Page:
Can a Dealer Take Back a Car After Papers Are Signed? Is it Legal?
The short answer to the above questions are Yes and Yes.
It’s a fairly common situation.
You buy a car from a dealer who arranges a loan, you sign the papers, possibly make a down payment and/or trade an old vehicle, and you drive away — thinking the deal is done.
You may have received the impression from the dealer that your loan was approved, which is presumably why you were allowed to drive away in your new car.
However, most dealers don’t provide or approve loans (except for buy-here-pay-here used car dealers). They use outside banks or finance companies. One of the papers you signed was a loan application, not a loan approval or grant.
Another paper you signed essentially says that the car sale is contingent on the dealer being able to find and secure an approval for your loan with one of his outside banks or finance companies. It’s not final until the loan is approved and the dealer has been paid for his car by the lender.
How it works
If a dealer feels there’s a good chance that he can find a lender who will approve your loan application, at the original terms, he will allow you to take his car and drive it home.
After you’ve driven away, the dealer will forward your application to one or more of the lenders he works with. If you have excellent credit, a good steady income, and no excessive debts, there will be no problem and he’ll receive an approval right away.
However, if you have poor credit or income/debt issues, and the dealer can’t get you approved with one of his lenders under the original terms of the deal, he will either ask you to sign another deal — almost always at higher interest rate or larger down payment — or return his car.
This is always a shock to customers who have been driving the car, falling in love with it, showing it off to family and friends — and then discovering that the purchase deal has fallen apart.
It can be days or weeks later, after the dealer has tried several different lenders, that the customer gets notified of the shocking news. It might result in anger, disbelief, and confusion, all at the same time. It seems that it might be illegal or a scam.
What to do?
If the dealer offers different terms and asks you to sign a new contract, presumably with a higher interest rate and/or larger down payment, you have the option of accepting it, or returning the car.
If the dealer was unable to find a lender to approve you under any terms, and asks for his car back, you should immediately try to get your own financing at a bank or credit union first — or at a reputable online loan provider who specializes in approving people who have poor credit, such as Auto Credit Express.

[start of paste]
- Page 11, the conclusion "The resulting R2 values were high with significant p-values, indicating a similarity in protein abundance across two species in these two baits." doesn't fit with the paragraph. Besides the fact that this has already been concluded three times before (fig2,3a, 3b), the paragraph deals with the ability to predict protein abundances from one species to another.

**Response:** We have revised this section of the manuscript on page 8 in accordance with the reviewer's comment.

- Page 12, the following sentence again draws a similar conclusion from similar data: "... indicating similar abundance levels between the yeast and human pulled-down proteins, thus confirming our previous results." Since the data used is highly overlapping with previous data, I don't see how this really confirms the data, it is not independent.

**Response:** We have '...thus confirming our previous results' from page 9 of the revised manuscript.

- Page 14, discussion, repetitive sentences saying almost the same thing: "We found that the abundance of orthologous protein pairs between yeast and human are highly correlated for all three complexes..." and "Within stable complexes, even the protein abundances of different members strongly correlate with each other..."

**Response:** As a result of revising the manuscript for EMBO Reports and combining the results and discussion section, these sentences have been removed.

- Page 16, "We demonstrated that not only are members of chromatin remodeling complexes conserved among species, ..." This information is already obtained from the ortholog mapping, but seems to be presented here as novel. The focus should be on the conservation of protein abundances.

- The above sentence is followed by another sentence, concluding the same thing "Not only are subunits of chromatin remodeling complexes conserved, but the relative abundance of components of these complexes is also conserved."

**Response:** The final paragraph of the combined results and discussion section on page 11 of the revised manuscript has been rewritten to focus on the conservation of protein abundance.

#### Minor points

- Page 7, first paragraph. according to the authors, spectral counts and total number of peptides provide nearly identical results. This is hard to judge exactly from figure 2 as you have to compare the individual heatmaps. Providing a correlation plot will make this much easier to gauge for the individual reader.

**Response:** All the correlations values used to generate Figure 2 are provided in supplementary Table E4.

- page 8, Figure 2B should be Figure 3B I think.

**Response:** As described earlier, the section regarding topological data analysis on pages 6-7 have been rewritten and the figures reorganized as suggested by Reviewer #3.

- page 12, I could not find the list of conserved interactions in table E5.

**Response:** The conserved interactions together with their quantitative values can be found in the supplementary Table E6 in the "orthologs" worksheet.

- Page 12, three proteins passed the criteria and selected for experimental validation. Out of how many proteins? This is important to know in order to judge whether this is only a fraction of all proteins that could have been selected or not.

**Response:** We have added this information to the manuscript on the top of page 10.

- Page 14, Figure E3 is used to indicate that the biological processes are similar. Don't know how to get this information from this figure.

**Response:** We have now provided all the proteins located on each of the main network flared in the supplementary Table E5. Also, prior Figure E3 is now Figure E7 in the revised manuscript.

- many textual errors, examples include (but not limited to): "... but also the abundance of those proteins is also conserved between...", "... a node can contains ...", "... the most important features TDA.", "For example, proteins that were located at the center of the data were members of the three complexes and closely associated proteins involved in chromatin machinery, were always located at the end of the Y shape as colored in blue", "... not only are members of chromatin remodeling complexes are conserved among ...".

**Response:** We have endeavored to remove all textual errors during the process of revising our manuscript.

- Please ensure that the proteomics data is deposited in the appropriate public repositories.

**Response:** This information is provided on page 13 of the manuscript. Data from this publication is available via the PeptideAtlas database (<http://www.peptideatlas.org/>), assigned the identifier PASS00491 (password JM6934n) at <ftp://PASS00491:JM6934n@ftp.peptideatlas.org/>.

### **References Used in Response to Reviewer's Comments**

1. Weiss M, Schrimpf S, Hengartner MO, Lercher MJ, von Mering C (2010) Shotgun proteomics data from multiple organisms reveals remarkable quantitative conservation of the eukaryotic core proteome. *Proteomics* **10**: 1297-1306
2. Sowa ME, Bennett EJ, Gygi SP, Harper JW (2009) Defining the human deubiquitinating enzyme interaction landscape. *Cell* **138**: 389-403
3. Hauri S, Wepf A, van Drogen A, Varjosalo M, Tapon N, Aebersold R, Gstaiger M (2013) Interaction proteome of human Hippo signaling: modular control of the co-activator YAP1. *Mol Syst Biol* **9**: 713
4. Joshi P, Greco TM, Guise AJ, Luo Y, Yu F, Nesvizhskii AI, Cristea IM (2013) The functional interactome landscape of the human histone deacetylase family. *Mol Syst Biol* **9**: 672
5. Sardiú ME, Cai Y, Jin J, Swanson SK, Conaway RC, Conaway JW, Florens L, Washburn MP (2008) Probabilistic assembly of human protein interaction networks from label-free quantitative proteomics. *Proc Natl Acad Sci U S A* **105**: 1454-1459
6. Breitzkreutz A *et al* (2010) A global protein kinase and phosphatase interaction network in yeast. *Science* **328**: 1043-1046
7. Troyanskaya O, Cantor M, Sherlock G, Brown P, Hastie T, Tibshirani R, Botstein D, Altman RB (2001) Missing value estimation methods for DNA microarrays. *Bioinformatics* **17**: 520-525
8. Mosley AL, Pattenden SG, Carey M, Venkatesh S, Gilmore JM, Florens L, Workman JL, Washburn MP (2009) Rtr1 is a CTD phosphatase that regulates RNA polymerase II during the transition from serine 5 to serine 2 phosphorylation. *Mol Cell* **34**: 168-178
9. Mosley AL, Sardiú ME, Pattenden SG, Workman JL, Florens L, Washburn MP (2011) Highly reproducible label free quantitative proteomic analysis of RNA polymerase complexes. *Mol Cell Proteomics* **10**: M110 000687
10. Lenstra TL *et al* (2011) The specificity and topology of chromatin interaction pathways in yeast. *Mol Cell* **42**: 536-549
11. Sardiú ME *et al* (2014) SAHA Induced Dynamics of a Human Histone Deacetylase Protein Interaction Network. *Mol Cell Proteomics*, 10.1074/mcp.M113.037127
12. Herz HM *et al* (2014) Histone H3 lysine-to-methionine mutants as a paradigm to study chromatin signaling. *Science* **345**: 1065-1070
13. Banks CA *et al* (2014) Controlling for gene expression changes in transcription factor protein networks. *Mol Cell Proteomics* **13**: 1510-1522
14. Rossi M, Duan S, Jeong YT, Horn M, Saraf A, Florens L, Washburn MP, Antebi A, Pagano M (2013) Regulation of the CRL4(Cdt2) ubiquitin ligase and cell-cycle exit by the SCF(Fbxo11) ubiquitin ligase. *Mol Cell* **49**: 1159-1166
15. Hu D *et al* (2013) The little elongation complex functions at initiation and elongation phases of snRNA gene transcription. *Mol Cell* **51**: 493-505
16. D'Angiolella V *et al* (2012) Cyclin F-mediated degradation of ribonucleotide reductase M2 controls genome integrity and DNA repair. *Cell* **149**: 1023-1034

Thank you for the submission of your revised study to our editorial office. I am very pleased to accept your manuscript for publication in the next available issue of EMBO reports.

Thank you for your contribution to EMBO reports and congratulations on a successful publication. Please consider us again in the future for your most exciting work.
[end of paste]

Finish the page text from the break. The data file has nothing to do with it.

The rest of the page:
In this case, you can try to get a loan co-signer, someone who has better credit and income, and is willing to agree to take over your car payments if you fail to do so. They should be aware that being a co-signer means their credit is also affected if they are unable to pay. And they should realize that a co-signer is not a co-buyer, which means that even if they pay for the car, it’s legally still yours, not theirs.
What happens next?
If all else fails, you’ll have to return the car. Some people in this situation believe they have legal rights to somehow keep the car even though there is no loan and the dealer hasn’t been paid for it. They would be wrong.
If you made a down payment to the dealer, he should return that money to you promptly. However, if you have had the car for a significant amount of time, the dealer may withhold some or all of the money as a “rent” charge for the time you’ve been driving the car. It’s legal and common practice.
Another potential problem is if you traded a vehicle as part of the original deal. If the deal falls apart, the dealer is obligated to return your trade vehicle to you. However, if some time has elapsed, he might have already sold it from his used car lot. It’s gone and can’t be recovered. In this case, the dealer is required to give you a check for the amount of the trade value of the vehicle, not his sale price.
Before going car shopping, you should always know where you stand with your credit. If you have poor credit, don’t accept a car dealer’s offer to let you drive your car home until you hear back that your loan application has definitely been approved. What’s your FICO score? Find out now when you check your credit report for $1 at Experian.com!